Words, Words

A smooth and graceful novelist, Elizabeth Bowen has always been fond of an opposite awkwardness. Perhaps her first subject, in this new Eva Trout, even as in The Death of the Heart thirty years ago, is girlhood — the open and ignorant mind, the gullible heart. Miss Bowen’s hope, or argument, has not altered in time: that within this blurting, elbowy organism, there occurs an extraordinary conjunction of generosity and need, an apogee of innocence. This innocence collides with knowledge, vulnerability with hardness, impulse with caution.
Inevitably, innocence is wiped out; but unexpectedly, so is knowledge. The muted violence of the subject lies in the cruel as well as pathetic effect of the young person. Self-destructive, she is also destructive.
Interest in this familiar thesis is renewed in Eva Trout by grotesquerie. Eva is the oddest and funniest of Miss Bowen’s girls. She is slow to develop, in any way. “Trout, are you a hermaphrodite?” her schoolmates inquire. And she is still gauche and untried at thirty-three, an age at which heroines normally expect to be retired rather than deflowered. (In effect, Eva is both.) Her first mistake was to be brought up by her widowed father and his ovoid lover named Constantine. One might suppose that this domestic arrangement would distort Eva’s sexual mores. Instead, it impaired her speech. Absorbed in making money and scenes with Constantine, Trout père relegated Eva to governesses, most of them displaced persons — who left their mark, deliberate, short, and stilted, upon the girl’s vocabulary and sentence structure. For “Aren’t you feeling well?” Eva says, “Are you deteriorating?” She makes one realize that idioms are merciful. She is almost incapable of lying, but also oblivious to nuance, metaphor, or any indirection; in fact, if she were not outlandish, she would be dense.
Her lover finds her, at first, mooselike, either galumphing off in a panic or mashing in oppressively, all saliva and devotion. At the same time, of course, Eva is a Trout, dumb, gasping and flopping on (social) land, and yet, at her proper depth, exquisitely clean and definite. She collides in the established pattern with soiled, initiated types: with a “cerebral” older woman, Iseult Arble; with Iseult’s husband, Eric, who is merely virile and coarse (he calls Iseult Izzy and “smarms” his hair flat with spit); with Constantine, who is merely effete and fastidious.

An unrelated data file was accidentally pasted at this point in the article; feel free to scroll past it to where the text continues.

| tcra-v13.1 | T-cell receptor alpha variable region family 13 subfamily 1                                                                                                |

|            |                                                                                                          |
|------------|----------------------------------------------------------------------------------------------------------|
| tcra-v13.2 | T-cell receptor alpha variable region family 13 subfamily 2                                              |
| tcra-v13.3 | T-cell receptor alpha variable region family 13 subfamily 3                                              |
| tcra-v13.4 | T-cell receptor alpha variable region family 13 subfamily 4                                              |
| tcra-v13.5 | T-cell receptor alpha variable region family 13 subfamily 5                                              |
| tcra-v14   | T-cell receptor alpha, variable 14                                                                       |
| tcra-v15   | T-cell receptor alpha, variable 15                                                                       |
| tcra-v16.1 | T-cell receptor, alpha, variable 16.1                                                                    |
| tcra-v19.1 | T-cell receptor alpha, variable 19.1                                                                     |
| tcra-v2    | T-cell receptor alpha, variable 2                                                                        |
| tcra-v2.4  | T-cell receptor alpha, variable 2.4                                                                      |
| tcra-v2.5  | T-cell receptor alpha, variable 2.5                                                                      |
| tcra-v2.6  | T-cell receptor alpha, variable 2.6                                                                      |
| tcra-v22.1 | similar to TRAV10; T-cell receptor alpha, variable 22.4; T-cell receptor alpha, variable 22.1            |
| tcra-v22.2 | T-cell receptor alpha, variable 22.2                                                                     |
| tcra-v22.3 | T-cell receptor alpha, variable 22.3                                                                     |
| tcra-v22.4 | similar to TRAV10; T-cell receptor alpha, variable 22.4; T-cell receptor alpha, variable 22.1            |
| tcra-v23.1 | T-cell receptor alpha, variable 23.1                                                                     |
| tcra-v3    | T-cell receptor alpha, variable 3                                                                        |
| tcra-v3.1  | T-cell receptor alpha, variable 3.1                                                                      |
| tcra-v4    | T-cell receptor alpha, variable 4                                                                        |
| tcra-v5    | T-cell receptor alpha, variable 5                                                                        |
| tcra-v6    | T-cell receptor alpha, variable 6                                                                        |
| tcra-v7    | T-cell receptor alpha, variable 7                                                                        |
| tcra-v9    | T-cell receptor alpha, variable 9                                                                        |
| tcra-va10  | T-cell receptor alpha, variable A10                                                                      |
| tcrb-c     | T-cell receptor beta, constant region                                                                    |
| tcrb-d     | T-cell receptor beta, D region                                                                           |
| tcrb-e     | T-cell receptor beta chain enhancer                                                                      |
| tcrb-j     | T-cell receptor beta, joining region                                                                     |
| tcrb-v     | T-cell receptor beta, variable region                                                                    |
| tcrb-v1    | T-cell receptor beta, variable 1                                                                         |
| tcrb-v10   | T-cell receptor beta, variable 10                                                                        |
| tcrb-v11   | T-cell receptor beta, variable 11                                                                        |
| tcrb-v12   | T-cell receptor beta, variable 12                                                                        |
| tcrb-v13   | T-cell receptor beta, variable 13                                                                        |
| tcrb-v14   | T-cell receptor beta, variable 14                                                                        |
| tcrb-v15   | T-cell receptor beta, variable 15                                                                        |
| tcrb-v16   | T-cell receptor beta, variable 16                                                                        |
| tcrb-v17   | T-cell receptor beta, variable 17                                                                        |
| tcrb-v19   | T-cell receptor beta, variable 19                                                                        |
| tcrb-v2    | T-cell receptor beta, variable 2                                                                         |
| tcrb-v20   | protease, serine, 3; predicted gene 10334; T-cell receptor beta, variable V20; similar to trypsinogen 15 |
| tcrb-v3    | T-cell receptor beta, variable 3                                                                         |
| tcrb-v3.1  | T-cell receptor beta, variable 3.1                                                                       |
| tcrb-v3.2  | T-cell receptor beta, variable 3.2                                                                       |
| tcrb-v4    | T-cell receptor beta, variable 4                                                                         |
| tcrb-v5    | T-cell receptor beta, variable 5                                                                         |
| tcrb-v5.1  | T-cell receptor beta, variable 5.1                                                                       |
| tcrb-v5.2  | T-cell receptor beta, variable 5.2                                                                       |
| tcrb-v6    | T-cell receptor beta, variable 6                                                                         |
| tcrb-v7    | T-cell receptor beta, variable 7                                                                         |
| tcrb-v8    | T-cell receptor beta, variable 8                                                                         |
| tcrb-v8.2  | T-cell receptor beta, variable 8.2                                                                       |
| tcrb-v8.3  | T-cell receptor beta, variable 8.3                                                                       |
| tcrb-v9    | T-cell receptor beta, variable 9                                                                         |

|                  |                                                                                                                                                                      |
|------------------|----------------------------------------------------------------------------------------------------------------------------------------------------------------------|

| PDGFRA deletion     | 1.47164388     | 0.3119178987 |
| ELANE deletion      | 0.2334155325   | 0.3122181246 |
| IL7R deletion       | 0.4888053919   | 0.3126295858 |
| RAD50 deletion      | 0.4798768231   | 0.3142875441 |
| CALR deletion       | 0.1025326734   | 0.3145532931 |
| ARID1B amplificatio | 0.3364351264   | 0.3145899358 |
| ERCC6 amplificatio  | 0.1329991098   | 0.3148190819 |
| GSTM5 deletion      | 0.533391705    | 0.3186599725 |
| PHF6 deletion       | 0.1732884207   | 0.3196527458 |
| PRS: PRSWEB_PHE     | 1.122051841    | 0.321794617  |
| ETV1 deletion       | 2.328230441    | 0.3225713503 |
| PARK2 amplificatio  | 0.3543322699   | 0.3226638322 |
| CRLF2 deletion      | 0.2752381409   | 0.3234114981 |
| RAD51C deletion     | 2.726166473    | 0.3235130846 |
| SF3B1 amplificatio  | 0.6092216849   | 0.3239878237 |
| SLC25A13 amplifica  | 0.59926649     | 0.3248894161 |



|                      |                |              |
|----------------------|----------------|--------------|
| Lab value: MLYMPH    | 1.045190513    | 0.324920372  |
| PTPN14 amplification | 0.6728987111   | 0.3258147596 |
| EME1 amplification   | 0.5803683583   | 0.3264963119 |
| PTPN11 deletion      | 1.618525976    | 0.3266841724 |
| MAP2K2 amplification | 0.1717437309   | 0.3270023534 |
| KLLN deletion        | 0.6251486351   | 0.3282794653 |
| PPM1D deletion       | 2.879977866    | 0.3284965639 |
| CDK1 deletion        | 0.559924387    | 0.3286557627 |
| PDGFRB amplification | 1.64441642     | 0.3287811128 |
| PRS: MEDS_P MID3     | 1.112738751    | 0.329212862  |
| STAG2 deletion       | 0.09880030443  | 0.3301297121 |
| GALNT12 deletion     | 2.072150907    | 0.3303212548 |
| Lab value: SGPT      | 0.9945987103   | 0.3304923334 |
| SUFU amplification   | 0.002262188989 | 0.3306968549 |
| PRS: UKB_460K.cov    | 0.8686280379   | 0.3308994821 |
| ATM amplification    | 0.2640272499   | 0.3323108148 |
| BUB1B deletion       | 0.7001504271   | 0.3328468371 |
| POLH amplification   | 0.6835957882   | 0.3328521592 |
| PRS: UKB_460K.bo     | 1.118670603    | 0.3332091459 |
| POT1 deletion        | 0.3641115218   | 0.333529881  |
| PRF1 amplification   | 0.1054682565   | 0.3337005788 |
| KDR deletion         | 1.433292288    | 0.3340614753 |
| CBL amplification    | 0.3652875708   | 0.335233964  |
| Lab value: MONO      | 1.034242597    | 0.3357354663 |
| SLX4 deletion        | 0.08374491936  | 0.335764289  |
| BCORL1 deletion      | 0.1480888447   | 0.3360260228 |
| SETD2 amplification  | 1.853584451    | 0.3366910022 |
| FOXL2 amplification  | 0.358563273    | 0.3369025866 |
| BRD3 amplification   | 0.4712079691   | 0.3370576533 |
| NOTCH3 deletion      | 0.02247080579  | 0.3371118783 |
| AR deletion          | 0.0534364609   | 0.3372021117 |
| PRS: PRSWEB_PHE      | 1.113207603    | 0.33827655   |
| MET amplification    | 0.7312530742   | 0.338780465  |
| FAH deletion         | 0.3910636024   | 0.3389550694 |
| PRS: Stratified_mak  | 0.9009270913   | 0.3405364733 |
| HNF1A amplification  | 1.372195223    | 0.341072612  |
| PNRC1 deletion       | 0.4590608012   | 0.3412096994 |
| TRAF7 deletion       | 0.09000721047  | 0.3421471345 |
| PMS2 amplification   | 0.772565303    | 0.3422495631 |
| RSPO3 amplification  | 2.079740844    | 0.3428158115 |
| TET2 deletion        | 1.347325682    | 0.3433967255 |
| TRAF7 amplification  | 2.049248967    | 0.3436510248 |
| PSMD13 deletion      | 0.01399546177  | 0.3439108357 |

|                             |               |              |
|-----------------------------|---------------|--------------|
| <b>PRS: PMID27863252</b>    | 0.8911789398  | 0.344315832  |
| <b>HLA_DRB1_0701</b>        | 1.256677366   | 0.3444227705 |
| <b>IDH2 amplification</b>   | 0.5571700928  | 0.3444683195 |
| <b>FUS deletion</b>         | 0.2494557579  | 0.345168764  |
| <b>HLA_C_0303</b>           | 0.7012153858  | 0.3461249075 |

The Danceys, a clerical couple, also appear. Ridden with hay fever, fecundity, and Christian forbearance, they most closely approximate Eva’s own incompetent charm. But it is difficult for Eva to advance, even among Danceys, from ingenuous to disingenuous connections since she has never been connected at all. Not certain she is there (or all there), she fixes on things like seashells and mounted eagle’s claws and ocelot gauntlets for reassurance. It strikes her, in this possessive trauma, as wholly improper that someone should ring her doorbell.
Well, naturally, this kook is metamorphosed in time into an adult human being. We are accustomed to urge the transition and to endorse even its sometimes dismal results. Eva Trout respects both conventions. Finally, the place is in a shambles, but Eva is lying in the middle of it, mature.
If this accomplishment were all of the novel, people probably could not pay it much mind. Innocence, preserved or lost, is a sentiment — an affective condition observed from a distance. But Americans, at any rate, are all now for passion — for the writer’s seeming himself immersed (drowning!) in whatever condition he simultaneously observes. Moreover, Miss Bowen discovers her present sentiment, as she has her past, in private or individual pain, whereas we are scarcely any longer free in fiction to overlook social pain. Eva Trout is pitiably rich at a time when we are preoccupied by poverty. And however disjunctive the poor dear is, she goes to pieces in a stable and coherent society. The character Eric Arble, for example, is little more than non-U, and glad of it. And when Eva and her lover walk outdoors, they upset only each other. Rabid Eva, it is true, jumps into some rosebushes and scratches her legs. But even our imagination of shrubbery has become social, far more social than botanical. Involuntarily, we expect characters to be mugged, not scratched, in the park.
Eva Trout by Elizabeth Bowen (Knopf, $5.95)